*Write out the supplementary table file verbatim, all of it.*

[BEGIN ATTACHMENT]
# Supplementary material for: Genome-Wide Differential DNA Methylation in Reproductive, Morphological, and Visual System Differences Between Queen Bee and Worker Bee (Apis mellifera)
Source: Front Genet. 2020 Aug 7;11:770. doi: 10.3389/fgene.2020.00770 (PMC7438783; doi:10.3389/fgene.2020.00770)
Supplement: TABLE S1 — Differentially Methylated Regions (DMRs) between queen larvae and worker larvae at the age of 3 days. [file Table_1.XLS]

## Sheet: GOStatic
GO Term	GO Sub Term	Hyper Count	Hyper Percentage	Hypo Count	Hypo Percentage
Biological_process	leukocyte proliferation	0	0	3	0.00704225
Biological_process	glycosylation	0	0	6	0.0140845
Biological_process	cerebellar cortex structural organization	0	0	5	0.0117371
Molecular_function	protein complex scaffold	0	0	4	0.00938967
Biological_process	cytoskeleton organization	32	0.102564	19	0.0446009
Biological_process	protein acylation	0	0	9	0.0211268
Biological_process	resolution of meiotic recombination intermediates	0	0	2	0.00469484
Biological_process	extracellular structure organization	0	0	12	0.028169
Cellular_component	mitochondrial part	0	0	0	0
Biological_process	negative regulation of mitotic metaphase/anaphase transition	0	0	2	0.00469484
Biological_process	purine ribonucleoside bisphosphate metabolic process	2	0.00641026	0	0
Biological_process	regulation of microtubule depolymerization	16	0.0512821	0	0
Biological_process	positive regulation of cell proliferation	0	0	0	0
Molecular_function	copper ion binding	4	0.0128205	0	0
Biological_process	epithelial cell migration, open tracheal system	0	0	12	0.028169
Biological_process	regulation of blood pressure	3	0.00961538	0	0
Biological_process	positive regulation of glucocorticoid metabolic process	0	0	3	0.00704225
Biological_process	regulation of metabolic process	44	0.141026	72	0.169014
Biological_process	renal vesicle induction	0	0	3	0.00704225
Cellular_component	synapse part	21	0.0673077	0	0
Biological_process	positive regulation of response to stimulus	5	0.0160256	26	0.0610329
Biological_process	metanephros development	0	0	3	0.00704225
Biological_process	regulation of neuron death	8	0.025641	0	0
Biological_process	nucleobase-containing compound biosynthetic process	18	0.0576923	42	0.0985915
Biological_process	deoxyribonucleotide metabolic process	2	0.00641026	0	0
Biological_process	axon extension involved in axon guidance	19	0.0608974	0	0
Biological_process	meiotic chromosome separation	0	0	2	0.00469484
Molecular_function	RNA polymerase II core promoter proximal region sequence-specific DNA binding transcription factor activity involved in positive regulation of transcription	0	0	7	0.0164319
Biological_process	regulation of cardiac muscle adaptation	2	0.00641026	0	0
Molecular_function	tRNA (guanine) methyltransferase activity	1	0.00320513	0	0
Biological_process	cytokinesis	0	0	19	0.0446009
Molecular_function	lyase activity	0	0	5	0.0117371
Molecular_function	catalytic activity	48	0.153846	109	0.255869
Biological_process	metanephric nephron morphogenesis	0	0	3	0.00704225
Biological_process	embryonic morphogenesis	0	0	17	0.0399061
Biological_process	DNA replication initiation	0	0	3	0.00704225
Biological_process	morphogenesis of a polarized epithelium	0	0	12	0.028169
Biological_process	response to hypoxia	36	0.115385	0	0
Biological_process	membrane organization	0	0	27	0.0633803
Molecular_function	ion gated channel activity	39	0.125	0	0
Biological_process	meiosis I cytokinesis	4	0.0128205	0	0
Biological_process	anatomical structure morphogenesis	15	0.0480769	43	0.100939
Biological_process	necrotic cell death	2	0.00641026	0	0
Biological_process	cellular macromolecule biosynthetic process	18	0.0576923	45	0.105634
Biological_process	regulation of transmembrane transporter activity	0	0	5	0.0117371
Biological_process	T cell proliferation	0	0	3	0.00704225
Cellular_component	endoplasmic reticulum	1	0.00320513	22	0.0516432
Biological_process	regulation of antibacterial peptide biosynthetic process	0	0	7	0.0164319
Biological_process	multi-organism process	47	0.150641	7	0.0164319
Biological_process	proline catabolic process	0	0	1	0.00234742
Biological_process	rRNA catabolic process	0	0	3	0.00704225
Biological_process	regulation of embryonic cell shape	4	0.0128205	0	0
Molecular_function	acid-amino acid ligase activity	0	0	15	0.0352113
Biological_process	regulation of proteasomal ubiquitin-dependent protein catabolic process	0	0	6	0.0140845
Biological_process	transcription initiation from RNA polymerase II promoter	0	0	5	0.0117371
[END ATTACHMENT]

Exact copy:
# Supplementary material for: Genome-Wide Differential DNA Methylation in Reproductive, Morphological, and Visual System Differences Between Queen Bee and Worker Bee (Apis mellifera)
Source: Front Genet. 2020 Aug 7;11:770. doi: 10.3389/fgene.2020.00770 (PMC7438783; doi:10.3389/fgene.2020.00770)
Supplement: TABLE S1 — Differentially Methylated Regions (DMRs) between queen larvae and worker larvae at the age of 3 days. [file Table_1.XLS]

## Sheet: GOStatic
GO Term	GO Sub Term	Hyper Count	Hyper Percentage	Hypo Count	Hypo Percentage
Biological_process	leukocyte proliferation	0	0	3	0.00704225
Biological_process	glycosylation	0	0	6	0.0140845
Biological_process	cerebellar cortex structural organization	0	0	5	0.0117371
Molecular_function	protein complex scaffold	0	0	4	0.00938967
Biological_process	cytoskeleton organization	32	0.102564	19	0.0446009
Biological_process	protein acylation	0	0	9	0.0211268
Biological_process	resolution of meiotic recombination intermediates	0	0	2	0.00469484
Biological_process	extracellular structure organization	0	0	12	0.028169
Cellular_component	mitochondrial part	0	0	0	0
Biological_process	negative regulation of mitotic metaphase/anaphase transition	0	0	2	0.00469484
Biological_process	purine ribonucleoside bisphosphate metabolic process	2	0.00641026	0	0
Biological_process	regulation of microtubule depolymerization	16	0.0512821	0	0
Biological_process	positive regulation of cell proliferation	0	0	0	0
Molecular_function	copper ion binding	4	0.0128205	0	0
Biological_process	epithelial cell migration, open tracheal system	0	0	12	0.028169
Biological_process	regulation of blood pressure	3	0.00961538	0	0
Biological_process	positive regulation of glucocorticoid metabolic process	0	0	3	0.00704225
Biological_process	regulation of metabolic process	44	0.141026	72	0.169014
Biological_process	renal vesicle induction	0	0	3	0.00704225
Cellular_component	synapse part	21	0.0673077	0	0
Biological_process	positive regulation of response to stimulus	5	0.0160256	26	0.0610329
Biological_process	metanephros development	0	0	3	0.00704225
Biological_process	regulation of neuron death	8	0.025641	0	0
Biological_process	nucleobase-containing compound biosynthetic process	18	0.0576923	42	0.0985915
Biological_process	deoxyribonucleotide metabolic process	2	0.00641026	0	0
Biological_process	axon extension involved in axon guidance	19	0.0608974	0	0
Biological_process	meiotic chromosome separation	0	0	2	0.00469484
Molecular_function	RNA polymerase II core promoter proximal region sequence-specific DNA binding transcription factor activity involved in positive regulation of transcription	0	0	7	0.0164319
Biological_process	regulation of cardiac muscle adaptation	2	0.00641026	0	0
Molecular_function	tRNA (guanine) methyltransferase activity	1	0.00320513	0	0
Biological_process	cytokinesis	0	0	19	0.0446009
Molecular_function	lyase activity	0	0	5	0.0117371
Molecular_function	catalytic activity	48	0.153846	109	0.255869
Biological_process	metanephric nephron morphogenesis	0	0	3	0.00704225
Biological_process	embryonic morphogenesis	0	0	17	0.0399061
Biological_process	DNA replication initiation	0	0	3	0.00704225
Biological_process	morphogenesis of a polarized epithelium	0	0	12	0.028169
Biological_process	response to hypoxia	36	0.115385	0	0
Biological_process	membrane organization	0	0	27	0.0633803
Molecular_function	ion gated channel activity	39	0.125	0	0
Biological_process	meiosis I cytokinesis	4	0.0128205	0	0
Biological_process	anatomical structure morphogenesis	15	0.0480769	43	0.100939
Biological_process	necrotic cell death	2	0.00641026	0	0
Biological_process	cellular macromolecule biosynthetic process	18	0.0576923	45	0.105634
Biological_process	regulation of transmembrane transporter activity	0	0	5	0.0117371
Biological_process	T cell proliferation	0	0	3	0.00704225
Cellular_component	endoplasmic reticulum	1	0.00320513	22	0.0516432
Biological_process	regulation of antibacterial peptide biosynthetic process	0	0	7	0.0164319
Biological_process	multi-organism process	47	0.150641	7	0.0164319
Biological_process	proline catabolic process	0	0	1	0.00234742
Biological_process	rRNA catabolic process	0	0	3	0.00704225
Biological_process	regulation of embryonic cell shape	4	0.0128205	0	0
Molecular_function	acid-amino acid ligase activity	0	0	15	0.0352113
Biological_process	regulation of proteasomal ubiquitin-dependent protein catabolic process	0	0	6	0.0140845
Biological_process	transcription initiation from RNA polymerase II promoter	0	0	5	0.0117371